Patterns and Compositionality

Massimo Dentico
Thu, 27 Jan 2000 20:08:30 +0100 wrote:
> Massimo, why are all your messages sent with high importance?  ("X-Priority:
> 1" in the header.)

For  the strange behavior  of  my ISP  POP3 server:  sometimes  it
delivers messages  with low priority  with days  of delay  or  not
delivers  at all.  If this  causes problems,  I could  try to send
messages with normal priority (like this).
> > From: Massimo Dentico []
> > Subject: Re: Patterns and Compositionality
> > Jim Little wrote:
> > The  context  is: "[..]  If  generalizing  a  pattern  is  lambda-
> > abstraction and inlining a pattern is beta-expansion [..]".  So, I
> > have  rendered  explicit  my premises  just  to make  feasible  an
> > objection to my reasoning. But the intuitive definition of pattern
> > doesn't invalidate /a priori/ a more rigorous one.
> Lambda calculus is not even _close_ to powerful enough to handle design
> patterns -- it's not even powerful enough to easily handle function calls
> when the called function is permitted to modify variables (although it is
> sufficiently powerful to model either one, given some more complexity).  So
> you can't establish a one-to-one correspondance between operations in lambda
> calculus and pattern design or use.

I am  trying  to say exactly  what you have written,  sorry for my
English: *if* the substitution process (generalizing/inlining) for
patterns  in  OOD is  equivalent  to the substituition process  in
functional/logic  languages  (pattern  matching)  *and*  Wegner is
right *than* Lambda Calculus (LC) is an incomplete formalism  even
for  these  languages  (I want  to remember  that the substitution
process in LC becomes apparent  in the laws of LC thus they define
the  calculus  and  *precede* it).   At  least,  this  is  what  I
understand about the matter:  misconception  are attributable only
to me. The context is this:

[...]  Structured programming  for actions (verbs) can be formally
defined  by function composition,  while  structured  object-based
programming  for composite objects (nouns) is  modeled by **design
patterns** that have no compositional formal specifications. [...]

> So far, patterns have no been successfully formalized.  One reason for this
> is that a true design pattern has to be commonly useful; if it's not, it may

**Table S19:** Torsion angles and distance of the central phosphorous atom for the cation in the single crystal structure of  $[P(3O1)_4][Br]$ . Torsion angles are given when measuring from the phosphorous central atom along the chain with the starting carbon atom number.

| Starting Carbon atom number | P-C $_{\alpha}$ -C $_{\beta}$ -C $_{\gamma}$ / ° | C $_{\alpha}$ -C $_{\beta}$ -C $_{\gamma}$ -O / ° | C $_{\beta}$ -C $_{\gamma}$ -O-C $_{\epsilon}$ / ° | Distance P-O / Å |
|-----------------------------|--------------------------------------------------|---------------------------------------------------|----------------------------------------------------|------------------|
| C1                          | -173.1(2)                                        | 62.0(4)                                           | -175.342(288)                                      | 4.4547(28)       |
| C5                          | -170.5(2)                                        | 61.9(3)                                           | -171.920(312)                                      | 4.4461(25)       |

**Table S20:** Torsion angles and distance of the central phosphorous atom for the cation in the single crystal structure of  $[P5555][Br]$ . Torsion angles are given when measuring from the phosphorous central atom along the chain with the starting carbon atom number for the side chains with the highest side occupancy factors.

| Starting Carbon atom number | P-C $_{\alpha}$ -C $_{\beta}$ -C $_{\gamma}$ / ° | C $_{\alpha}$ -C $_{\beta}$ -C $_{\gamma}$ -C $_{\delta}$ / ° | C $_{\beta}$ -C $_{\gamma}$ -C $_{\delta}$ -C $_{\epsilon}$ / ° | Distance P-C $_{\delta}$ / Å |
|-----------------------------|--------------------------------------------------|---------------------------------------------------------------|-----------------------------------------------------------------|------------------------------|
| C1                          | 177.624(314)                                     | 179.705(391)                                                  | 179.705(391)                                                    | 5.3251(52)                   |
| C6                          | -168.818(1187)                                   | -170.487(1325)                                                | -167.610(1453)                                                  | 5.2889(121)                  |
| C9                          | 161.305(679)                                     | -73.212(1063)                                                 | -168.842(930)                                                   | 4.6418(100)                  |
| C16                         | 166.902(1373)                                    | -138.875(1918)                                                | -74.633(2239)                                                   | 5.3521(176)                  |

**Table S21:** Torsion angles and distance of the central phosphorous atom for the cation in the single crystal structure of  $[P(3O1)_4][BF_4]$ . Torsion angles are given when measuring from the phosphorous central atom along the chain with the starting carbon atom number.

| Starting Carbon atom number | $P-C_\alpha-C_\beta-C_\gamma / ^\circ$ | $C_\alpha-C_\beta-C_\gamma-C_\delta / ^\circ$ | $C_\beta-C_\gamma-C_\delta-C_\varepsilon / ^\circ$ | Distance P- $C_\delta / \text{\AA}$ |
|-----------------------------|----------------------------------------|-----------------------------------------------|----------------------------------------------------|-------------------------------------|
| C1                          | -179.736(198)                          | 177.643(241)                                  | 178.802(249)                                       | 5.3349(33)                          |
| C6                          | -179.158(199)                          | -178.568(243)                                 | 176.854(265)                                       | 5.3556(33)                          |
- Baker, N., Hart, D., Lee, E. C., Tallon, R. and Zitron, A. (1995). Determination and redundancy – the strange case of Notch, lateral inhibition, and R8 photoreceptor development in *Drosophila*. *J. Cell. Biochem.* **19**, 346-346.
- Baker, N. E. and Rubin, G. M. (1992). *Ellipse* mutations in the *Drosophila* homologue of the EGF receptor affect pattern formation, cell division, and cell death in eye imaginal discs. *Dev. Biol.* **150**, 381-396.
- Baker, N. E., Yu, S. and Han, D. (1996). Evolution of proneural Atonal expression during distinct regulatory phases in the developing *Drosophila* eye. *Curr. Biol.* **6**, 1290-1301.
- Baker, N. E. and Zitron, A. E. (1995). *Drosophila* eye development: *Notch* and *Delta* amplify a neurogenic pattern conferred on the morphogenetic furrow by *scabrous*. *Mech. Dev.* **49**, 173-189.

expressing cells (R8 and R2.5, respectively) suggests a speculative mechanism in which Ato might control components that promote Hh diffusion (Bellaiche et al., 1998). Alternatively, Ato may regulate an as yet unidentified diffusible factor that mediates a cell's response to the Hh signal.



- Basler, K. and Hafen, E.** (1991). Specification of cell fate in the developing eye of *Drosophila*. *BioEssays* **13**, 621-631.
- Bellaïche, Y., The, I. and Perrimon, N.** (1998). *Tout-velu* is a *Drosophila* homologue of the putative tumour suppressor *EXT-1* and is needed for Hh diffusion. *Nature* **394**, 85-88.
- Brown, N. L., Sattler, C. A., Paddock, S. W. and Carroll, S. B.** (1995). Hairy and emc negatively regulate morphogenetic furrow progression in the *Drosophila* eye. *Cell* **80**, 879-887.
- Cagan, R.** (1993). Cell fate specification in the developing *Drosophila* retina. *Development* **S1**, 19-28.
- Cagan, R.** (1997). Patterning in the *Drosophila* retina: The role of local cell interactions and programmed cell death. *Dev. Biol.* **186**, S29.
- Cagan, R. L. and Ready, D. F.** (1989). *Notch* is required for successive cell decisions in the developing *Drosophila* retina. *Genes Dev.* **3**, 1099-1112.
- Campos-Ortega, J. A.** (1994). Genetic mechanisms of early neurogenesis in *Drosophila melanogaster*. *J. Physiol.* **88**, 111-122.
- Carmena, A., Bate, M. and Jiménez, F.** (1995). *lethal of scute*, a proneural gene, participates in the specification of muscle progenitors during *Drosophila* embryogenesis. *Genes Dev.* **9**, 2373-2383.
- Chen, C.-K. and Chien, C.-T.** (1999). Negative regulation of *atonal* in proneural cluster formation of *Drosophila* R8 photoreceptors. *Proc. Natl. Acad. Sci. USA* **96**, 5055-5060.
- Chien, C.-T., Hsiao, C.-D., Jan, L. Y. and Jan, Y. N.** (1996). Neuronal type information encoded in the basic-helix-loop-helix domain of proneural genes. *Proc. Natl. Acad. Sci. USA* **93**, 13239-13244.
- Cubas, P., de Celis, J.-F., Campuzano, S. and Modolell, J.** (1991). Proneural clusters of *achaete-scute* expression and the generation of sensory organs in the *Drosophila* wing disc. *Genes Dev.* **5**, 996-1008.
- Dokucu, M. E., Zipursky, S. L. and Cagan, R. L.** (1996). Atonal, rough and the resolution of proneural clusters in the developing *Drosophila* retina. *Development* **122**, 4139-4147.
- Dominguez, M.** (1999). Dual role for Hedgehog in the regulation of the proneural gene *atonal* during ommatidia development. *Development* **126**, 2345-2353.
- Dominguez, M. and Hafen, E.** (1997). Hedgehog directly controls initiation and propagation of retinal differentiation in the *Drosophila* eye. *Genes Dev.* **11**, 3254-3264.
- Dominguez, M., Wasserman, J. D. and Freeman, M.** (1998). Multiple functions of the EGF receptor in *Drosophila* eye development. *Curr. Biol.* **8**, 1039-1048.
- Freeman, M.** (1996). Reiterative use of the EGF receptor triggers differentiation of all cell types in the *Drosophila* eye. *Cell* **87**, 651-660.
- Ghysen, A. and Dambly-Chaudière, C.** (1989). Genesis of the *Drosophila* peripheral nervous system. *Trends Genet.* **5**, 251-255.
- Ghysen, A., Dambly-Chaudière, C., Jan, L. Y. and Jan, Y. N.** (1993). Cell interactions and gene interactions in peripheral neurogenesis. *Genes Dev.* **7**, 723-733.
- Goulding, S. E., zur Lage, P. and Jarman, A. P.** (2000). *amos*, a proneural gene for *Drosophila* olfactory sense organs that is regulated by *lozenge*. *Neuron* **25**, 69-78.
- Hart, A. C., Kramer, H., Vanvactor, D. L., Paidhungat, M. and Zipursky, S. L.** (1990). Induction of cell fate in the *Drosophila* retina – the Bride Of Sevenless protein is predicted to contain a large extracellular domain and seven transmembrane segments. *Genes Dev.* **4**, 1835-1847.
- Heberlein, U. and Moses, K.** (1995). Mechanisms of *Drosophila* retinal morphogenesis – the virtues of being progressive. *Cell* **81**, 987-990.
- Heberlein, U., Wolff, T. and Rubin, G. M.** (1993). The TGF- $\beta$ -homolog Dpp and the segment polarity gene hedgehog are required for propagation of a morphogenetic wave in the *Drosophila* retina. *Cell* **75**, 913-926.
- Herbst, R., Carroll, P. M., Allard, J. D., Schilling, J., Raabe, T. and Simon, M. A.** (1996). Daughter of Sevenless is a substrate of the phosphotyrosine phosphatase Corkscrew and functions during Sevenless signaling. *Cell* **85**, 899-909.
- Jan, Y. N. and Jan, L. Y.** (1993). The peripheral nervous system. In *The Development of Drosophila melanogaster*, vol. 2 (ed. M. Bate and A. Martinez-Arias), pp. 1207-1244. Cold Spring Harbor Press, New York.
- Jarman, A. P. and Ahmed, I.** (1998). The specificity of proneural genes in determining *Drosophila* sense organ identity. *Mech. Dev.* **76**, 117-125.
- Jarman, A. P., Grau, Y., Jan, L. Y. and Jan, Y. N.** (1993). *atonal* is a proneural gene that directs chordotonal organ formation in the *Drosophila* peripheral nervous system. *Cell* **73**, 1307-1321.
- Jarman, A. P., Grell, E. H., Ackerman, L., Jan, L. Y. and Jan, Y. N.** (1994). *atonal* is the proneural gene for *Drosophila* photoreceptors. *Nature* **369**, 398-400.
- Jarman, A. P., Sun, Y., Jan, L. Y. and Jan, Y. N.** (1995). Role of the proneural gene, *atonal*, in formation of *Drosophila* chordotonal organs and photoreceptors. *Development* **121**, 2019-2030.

> be a clever design, but it's not suitable for a pattern.
> > I suspect that  Fare speaks about the "hype"  (I'm not sure  about
> > the meaning  of this word),  around  the useful  idea  of pattern,
> > exactly  because  the  lack  of a precise definition  prevent  any
> > attempt  of  rigorous  reasoning   (for  example,  comparisons  of
> > expressiveness with other frameworks).
> Fare senses most strongly other's crimes when he himself is guilty of the
> same thing.  Hype is the entire basis of our devotion to Tunes, and Fare is
> responsible for that.  So hype can be used for good as well as evil ;-).

Ok, what means hype exactly?
> Patterns are useful.  This is one of the main parts of their definition, so
> they can't help it.
> The patterns used in C++ are not similar to the patterns used in C, and
> neither one looks like the design patterns used in Beta (although the C++
> patterns are mostly useful in Beta, the other way is not true; some C++
> patterns are useless in Beta because Beta can express the same concepts as
> part of the language).
> > Instead the problem is:  the rigorous definition cathces the whole
> > intuitive  definition?  The  paper  of Wegner (as I understand it)
> > tries  to  answer  this  question  relatively  to  the  notion  of
> > computability,  the intuitive  compared  to the formal notion.  He
> > suggests  that   Multi-Stream  Interection  Machines  (MIMs)   and
> > co-inductive  reasoning  give  a  stronger  model  of  computation
> > compared  to  Turing  Machines,   lambda  calculus  and  inductive
> > reasoning.
> A very interesting hypothesis.  I lost the link to it, I think; or I never
> read it.  Where may I look?

Home page of Peter Wegner:

I'm  writing  about this paper,  cited  in  my original  post that
originate  this thread:  "Interaction, Computability, and Church’s
> > The intention of my original post was  to highlight  the fact that
> > if Wegner  and my equation are right  then,  even in the
> > field  of functional/logic
> > programming,   the  formal  model  of  reference
> > (lambda  calculs)  doesn't  catch  the  expressive  power  of this
> > languages.
> Which language?

For example  Haskell (functional)  has pattern-matching and Prolog
(logic) has it  as a  fundamental mechanism  that unify  procedure
invocation  (procedural  interpretation)   and  data  construction
and deconstruction.
> Or were you trying to say that lambda calculus can't model everything a
> computer can compute?

This is what stated Wegner. I want to highlight  that even for the
languages  that one suppose to be based  on lambda calculus,  this
formalism  is not adequate  to deal  with their important features
like pattern matching.

I hope that this post is understandable.

Massimo Dentico